(2) Under the conditions of S6, each hand operated control listed in column 1 of Table 1 shall be visible to the driver and each identification required by subsection (a)(1) shall be visible to the driver when the control is operating the corresponding vehicle system. Hand-operated controls listed in column 1 of Table 1 may be combined. Except as provided in S18.104.22.168, S22.214.171.124, and S126.96.36.199, when identification required by subsection (a)(1) is required by this section to be visible to the driver, it shall appear to the driver perceptually upright. The vehicle's owner's manual must explain the operation and identification of the hand operated controls listed in column 1 of Table 1.
It is not our desire to hinder technical advances in this area, if there are no safety concerns. However, we have the following concerns about the Alliance proposal:
(1) We note that the Alliance did not provide data to support its claim that these “advanced vehicle control and display systems” can, in fact, reduce the amount of time the driver needs to look away from the road to locate and operate controls while driving;
(2) Although it would drop the adjacency requirement, the proposal does not define what proper identification would be. Can a control be said to be truly identified if there is no visual clue as to which label belongs with which control?;
(3) The Alliance's suggested requirement that the identification need only be visible to the driver when the control is operating the corresponding vehicle system raises the question of how the driver will be able to locate the control for a system that is not currently operating, but when the need for it arises, may be urgent. For example, access to windshield wiper controls becomes critical when a sudden rainstorm begins. Control identification is probably most important in terms of driver distraction when the vehicle system desired is not operating, but operation is desired to begin.
(4) The Alliance's proposed explanatory text, “* * *controls* * * may be combined” is irrelevant since the current standard does not prohibit the combination of controls. However, it raises the question, are there controls that should not be combined? An example would be the headlight switch. If the headlight switch were part of a multi-function control, would it be too easy for the driver to inadvertently flash the headlights, or for the driver to have trouble locating the headlight switch quickly? Start Printed Page 55223
In an attempt to address the petitioner's concerns, we have proposed limited exemption from the adjacency requirement if the control is associated with a display, located in the driver's view, which clearly shows all functions available from that control (see proposed regulatory text at S5.1.4). We have also added a definition for “multi-function control” to S4.
We seek comment on the following issues related to the use of multi-function controls and multi-task displays as well as comment on the proposed regulatory language itself:
(1) If a display screen shows all of the functions available from a multi-function control, as required by the proposed text, how important is it to vehicle safety that the control itself be labeled?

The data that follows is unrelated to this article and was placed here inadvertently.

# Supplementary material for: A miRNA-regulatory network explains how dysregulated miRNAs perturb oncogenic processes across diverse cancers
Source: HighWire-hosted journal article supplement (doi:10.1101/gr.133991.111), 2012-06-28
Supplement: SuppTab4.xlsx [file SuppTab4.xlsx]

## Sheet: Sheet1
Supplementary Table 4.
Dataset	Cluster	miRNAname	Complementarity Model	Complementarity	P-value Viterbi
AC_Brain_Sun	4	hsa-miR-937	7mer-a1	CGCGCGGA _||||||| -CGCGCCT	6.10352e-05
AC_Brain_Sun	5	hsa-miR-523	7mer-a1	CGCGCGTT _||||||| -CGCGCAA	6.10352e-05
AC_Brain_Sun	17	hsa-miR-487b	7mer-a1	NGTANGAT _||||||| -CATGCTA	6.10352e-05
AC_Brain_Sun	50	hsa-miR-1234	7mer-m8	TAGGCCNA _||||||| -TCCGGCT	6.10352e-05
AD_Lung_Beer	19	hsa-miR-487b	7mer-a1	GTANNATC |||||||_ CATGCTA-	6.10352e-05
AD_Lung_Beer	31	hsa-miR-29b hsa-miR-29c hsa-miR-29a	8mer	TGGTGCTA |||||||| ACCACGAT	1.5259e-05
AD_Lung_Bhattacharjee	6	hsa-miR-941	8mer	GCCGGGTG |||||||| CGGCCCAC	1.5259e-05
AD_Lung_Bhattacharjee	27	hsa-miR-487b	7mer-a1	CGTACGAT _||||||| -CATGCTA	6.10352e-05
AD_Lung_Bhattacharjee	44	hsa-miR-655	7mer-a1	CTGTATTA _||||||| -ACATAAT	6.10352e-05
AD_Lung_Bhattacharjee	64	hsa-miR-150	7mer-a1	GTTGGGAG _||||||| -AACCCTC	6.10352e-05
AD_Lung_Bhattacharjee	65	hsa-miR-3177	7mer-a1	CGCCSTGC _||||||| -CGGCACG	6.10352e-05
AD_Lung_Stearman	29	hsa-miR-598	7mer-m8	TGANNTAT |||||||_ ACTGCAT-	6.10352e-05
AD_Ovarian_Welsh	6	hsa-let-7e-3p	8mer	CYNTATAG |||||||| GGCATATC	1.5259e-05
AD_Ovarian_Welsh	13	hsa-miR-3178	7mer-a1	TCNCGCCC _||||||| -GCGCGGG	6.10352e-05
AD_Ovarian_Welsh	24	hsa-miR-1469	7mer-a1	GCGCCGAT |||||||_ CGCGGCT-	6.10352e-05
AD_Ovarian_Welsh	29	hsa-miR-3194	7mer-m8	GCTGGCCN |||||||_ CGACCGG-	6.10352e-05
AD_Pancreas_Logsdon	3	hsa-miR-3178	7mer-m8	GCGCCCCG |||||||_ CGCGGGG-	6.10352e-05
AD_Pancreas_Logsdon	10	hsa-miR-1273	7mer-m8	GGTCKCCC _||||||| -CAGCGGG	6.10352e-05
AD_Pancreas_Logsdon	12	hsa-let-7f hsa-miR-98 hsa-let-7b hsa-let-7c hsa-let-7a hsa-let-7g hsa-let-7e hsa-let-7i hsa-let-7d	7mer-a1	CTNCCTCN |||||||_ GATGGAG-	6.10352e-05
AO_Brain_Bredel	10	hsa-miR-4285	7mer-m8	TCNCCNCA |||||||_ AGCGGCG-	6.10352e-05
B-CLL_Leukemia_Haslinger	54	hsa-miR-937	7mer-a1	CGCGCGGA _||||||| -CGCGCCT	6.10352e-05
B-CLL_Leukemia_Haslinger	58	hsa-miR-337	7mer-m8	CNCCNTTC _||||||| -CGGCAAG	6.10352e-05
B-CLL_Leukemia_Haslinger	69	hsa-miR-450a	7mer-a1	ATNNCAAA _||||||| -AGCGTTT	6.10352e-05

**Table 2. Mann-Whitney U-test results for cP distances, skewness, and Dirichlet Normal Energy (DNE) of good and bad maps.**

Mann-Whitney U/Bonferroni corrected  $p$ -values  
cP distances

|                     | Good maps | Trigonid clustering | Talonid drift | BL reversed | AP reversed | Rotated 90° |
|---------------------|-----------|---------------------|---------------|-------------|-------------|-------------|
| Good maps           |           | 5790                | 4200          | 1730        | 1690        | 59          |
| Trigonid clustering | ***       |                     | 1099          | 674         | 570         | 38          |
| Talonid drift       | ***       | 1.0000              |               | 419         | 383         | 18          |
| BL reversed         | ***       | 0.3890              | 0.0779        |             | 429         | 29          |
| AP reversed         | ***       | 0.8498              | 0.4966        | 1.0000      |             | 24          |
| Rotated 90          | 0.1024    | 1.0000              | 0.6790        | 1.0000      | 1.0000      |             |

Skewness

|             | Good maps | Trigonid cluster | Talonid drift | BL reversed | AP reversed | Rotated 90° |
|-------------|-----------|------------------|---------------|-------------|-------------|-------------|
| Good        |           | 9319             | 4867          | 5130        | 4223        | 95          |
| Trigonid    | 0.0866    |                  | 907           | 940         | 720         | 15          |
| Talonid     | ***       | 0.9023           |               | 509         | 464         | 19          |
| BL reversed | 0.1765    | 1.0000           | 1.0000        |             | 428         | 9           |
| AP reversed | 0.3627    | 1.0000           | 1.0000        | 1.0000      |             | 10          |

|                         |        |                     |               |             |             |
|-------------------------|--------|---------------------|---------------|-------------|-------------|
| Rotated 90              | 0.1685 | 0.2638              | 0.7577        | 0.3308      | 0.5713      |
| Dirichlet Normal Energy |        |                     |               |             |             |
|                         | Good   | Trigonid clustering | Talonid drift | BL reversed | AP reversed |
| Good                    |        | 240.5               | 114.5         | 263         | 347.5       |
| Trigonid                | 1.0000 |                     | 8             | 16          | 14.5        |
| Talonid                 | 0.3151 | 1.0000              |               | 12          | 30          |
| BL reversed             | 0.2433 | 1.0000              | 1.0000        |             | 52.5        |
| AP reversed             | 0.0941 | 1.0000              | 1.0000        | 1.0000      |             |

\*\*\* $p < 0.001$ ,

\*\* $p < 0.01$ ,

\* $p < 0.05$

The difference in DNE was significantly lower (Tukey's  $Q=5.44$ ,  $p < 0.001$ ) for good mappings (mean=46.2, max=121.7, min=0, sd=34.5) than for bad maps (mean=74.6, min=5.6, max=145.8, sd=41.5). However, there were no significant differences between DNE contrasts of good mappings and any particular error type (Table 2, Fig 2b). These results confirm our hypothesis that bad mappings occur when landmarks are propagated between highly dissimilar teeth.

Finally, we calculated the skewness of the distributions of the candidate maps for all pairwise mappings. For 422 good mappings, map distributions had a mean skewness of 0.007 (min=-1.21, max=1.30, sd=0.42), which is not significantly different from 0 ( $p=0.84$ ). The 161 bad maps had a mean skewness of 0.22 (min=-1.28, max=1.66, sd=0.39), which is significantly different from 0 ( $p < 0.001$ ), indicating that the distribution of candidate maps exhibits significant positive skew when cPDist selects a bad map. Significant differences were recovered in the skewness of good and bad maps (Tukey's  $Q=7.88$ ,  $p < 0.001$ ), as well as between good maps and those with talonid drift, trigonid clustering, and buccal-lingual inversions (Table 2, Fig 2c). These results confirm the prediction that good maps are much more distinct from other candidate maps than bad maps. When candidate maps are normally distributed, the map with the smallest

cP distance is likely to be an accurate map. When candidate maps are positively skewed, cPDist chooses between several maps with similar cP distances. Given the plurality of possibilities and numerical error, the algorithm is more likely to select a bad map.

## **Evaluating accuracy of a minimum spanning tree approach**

(2) Please provide any data related to the safety of use of multi-function controls, such as the number of times the driver looks away from the road, the length of these glances, etc., while using the control in different driving scenarios. Compare this to traditional single controls.
(3) Are there controls that, for the sake of vehicle safety, should not be combined with any other controls, or should not be combined with certain other controls?
We request comments on whether any other exceptions from the “on or adjacent” requirement would be appropriate. In providing comments on this issue and on the proposed language for the exceptions discussed above, we ask that manufacturers and other interested persons consider discussing future advanced design concepts  that may now be foreseeable.
J. Other Issues
We invite public comment on any other FMVSS 101 issue that the commenter may wish to raise. For example, we seek comment on whether the selection of some controller/multi-task display combinations are, or could become, too complex for some drivers.
K. Conforming Amendments to Other Standards
Several other safety standards include requirements that are affected by the proposed changes to FMVSS 101, including FMVSS 105, 121 and 135. While we are not specifying specific proposed regulatory text, we will make any necessary conforming amendments as part of the final rule.
VI. Leadtime and Cost
We believe the controls, telltales and indicators that would be regulated by the proposed new version of FMVSS 101 are already identified by vehicle manufacturers. The primary cost of this rulemaking would therefore be changing the identification of those controls, telltales and indicators that are not already identified by the proposed symbols but are instead identified by words or some other symbol. To the extent that such changes are made in the course of normal vehicle redesigns, such costs would be negligible.
Given that the benefits of this rulemaking are nonquantifiable and recognizing that it could be costly for some manufacturers to have to redesign their vehicles within a short time period to meet the proposed requirements, we tentatively conclude that it is in the public interest to provide a long leadtime for the proposed requirements. We are proposing a leadtime of five years for light vehicles and eight years for vehicles with a GVWR of 4,536 kg. or greater.